A lab result I am seeing more and more of, especially in women, is an elevation of 2-methylhippurate. Your standard lab tests won’t have this but instead is a part of a panel I often run on clients called organic acids.
Excretion of 2-methylhippurate is a sensitive and specific marker for xylene exposure. Produced from coal tar or crude oil, xylene is used as a solvent for paints and paint thinners, and its vapors are released from many building and decorating materials such as varnishes and new carpets. But don’t limit your perceived exposure to just industrial type applications.
Dig a little deeper into your personal care products that include paints and dyes. Check your nail polishes, hair dyes, nail polish removers, and make up. For your kids, it’s often in markers (permanent or dry-erase). You know that distinct maker scent? Probably xylene. The ironic thing is that many of those markers are labeled ‘non-toxic.’
If you’re looking for xylene, you may also see it under these names: BENZENE, DIMETHYL; BENZENE, DIMETHYL-; DIMETHYL- BENZENE; DIMETHYLBENZENE; META-XYLENE; TOTAL XYLENE; TOTAL XYLENES; XYLENE (MIXED) ; XYLENES; XYLENES (TOTAL) ; BENZENE, DIMETHYL-
What’s the bid deal about it? Xylene exposure increases oxidative stress. Oxidative stress is essentially an imbalance between the production of free radicals and the ability of the body to counteract or detoxify their harmful effects through neutralization by antioxidants. One of those main antioxidants the body attempts to produce is glutathione.
So what’s the big deal?
An overburdened oxidative stress load internally acts just like your external stress load like fear, worry, fast food, and too many selfies. It shifts the body into protection and away from growth and repair. One of the first functions that gets limited when your body makes this shift is detoxification.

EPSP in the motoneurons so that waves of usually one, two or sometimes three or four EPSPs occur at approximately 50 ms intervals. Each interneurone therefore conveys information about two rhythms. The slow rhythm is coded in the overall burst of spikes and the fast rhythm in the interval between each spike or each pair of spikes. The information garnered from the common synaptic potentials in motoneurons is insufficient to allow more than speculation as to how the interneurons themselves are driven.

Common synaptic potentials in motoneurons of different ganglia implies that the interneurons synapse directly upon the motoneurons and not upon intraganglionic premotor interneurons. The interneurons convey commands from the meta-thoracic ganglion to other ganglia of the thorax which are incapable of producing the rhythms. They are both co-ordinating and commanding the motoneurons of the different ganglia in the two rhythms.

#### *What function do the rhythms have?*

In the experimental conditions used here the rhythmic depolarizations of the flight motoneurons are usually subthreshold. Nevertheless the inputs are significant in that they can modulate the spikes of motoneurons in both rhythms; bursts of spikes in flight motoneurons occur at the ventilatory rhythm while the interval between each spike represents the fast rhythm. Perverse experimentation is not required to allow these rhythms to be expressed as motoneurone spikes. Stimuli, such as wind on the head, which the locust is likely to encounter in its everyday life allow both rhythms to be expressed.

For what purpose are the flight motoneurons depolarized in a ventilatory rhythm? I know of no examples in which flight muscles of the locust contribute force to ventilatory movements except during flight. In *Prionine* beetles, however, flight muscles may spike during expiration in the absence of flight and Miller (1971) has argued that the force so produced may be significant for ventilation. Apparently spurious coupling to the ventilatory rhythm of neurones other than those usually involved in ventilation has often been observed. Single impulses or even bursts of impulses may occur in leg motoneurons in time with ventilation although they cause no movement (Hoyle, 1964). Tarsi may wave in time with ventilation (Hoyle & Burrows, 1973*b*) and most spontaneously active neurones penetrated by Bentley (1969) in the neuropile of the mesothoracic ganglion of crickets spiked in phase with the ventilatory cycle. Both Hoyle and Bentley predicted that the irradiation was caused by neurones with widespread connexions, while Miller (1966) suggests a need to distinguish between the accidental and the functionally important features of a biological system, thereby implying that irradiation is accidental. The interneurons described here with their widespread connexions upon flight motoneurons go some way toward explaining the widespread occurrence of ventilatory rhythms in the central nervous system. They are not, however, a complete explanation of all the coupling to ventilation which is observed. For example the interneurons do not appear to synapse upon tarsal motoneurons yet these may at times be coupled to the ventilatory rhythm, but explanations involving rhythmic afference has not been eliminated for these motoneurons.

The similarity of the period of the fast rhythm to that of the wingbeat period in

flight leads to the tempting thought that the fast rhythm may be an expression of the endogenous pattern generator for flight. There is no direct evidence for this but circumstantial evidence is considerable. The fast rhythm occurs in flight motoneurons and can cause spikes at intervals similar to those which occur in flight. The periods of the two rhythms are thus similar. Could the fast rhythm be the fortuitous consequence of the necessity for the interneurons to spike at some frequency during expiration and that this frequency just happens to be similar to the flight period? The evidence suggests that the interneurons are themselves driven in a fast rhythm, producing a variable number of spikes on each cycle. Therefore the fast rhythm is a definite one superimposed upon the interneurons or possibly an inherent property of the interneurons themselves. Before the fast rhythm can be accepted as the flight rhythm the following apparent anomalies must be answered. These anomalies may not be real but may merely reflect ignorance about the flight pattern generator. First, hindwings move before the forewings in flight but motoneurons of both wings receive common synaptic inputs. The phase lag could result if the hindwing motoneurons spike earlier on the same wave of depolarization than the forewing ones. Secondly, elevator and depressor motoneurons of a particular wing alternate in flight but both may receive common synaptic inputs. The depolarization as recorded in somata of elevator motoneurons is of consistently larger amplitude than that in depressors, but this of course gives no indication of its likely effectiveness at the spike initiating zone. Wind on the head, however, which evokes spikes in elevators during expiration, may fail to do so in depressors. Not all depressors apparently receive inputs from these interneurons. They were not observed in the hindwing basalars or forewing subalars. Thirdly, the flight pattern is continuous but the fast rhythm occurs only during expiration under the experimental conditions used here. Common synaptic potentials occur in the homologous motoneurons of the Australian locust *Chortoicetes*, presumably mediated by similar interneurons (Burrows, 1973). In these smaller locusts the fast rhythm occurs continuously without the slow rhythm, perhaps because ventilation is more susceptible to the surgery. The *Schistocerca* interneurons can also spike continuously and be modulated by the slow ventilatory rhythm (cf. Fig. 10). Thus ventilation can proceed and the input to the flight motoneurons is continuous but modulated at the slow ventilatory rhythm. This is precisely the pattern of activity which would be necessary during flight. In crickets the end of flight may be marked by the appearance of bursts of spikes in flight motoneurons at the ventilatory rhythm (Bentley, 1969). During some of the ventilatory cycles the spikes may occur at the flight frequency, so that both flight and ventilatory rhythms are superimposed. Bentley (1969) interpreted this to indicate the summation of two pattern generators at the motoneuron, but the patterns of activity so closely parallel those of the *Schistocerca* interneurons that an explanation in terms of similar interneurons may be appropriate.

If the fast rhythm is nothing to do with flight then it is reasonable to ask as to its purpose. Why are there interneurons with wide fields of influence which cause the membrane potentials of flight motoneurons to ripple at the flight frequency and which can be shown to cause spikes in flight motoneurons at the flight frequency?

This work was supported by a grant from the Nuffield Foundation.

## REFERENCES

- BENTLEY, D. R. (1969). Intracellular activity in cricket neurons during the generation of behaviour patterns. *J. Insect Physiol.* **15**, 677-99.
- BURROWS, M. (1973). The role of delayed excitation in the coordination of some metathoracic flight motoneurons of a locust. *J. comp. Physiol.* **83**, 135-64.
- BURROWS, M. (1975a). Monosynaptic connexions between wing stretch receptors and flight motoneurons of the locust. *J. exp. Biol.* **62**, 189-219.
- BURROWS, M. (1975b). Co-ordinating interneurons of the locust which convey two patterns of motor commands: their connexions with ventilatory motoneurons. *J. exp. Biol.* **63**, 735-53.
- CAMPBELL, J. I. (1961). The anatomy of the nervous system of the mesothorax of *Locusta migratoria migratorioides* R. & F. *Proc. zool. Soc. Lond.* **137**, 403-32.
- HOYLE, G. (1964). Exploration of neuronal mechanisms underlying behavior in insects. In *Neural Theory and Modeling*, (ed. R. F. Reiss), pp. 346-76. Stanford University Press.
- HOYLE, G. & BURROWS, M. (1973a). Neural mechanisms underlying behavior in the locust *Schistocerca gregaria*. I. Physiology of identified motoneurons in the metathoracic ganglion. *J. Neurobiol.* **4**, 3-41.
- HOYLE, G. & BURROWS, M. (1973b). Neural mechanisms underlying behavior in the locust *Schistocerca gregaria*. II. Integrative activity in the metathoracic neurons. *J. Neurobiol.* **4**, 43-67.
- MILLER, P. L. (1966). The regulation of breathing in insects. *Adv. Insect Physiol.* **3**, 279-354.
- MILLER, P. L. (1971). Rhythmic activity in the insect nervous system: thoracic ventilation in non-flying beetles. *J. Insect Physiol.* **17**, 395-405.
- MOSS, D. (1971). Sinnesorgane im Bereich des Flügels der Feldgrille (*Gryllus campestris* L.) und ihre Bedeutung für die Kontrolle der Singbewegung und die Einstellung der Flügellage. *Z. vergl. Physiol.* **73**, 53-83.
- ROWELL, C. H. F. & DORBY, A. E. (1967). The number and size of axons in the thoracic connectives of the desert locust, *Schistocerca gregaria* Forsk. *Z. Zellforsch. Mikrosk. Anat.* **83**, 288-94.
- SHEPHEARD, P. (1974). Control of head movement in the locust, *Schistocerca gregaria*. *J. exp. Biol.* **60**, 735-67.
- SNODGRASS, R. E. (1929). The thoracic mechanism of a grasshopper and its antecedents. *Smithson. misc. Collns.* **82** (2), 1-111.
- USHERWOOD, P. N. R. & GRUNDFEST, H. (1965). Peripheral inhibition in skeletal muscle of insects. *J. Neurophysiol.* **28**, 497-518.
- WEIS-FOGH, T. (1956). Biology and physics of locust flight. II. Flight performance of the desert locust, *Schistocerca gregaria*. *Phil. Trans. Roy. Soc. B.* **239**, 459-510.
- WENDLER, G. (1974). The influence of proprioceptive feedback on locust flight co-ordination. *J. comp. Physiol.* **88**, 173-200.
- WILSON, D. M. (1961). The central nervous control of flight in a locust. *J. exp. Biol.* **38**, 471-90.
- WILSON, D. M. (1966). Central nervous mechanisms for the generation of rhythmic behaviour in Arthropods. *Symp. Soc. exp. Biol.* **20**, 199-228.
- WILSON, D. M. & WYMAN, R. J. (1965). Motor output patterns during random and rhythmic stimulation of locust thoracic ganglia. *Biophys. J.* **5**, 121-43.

You don’t only need to detoxify external chemicals but also your hormones and neurotransmitters.
If detoxification is impaired, you may not suffer from just a chemical over burden but also a hormone and emotional overburden as these compounds are affected as well. Depending on the person this could be an irregular menstrual cycle, it could be that it takes longer to let things go emotionally, an increase inflammatory load, and many more possibilities.
I’m not saying xylene is a cause for these things but is a contributor to the body which is already over toxified (my wife’s term). Should you do a detox? It’s not an easy answer. Remember that the detoxification process is one of the first processes that gets limited during a shift into stress. So forcing your body to leach toxic materials into a system that can’t handle it, may cause more harm than good even though the intent is pure.
Instead, you have to address the underlying stress load (allostatic load). Part of that is your xylene exposure. But overall your strategies have to include the deficiencies and toxicities caused nutritionally, physically, emotionally, spiritually, and even socially. So this post is more of a public service announcement of xylene exposure awareness. I thought about starting a fake non-profit awareness group and organizing a 5k like pharmaceutical companies do but I’m not that ambitious.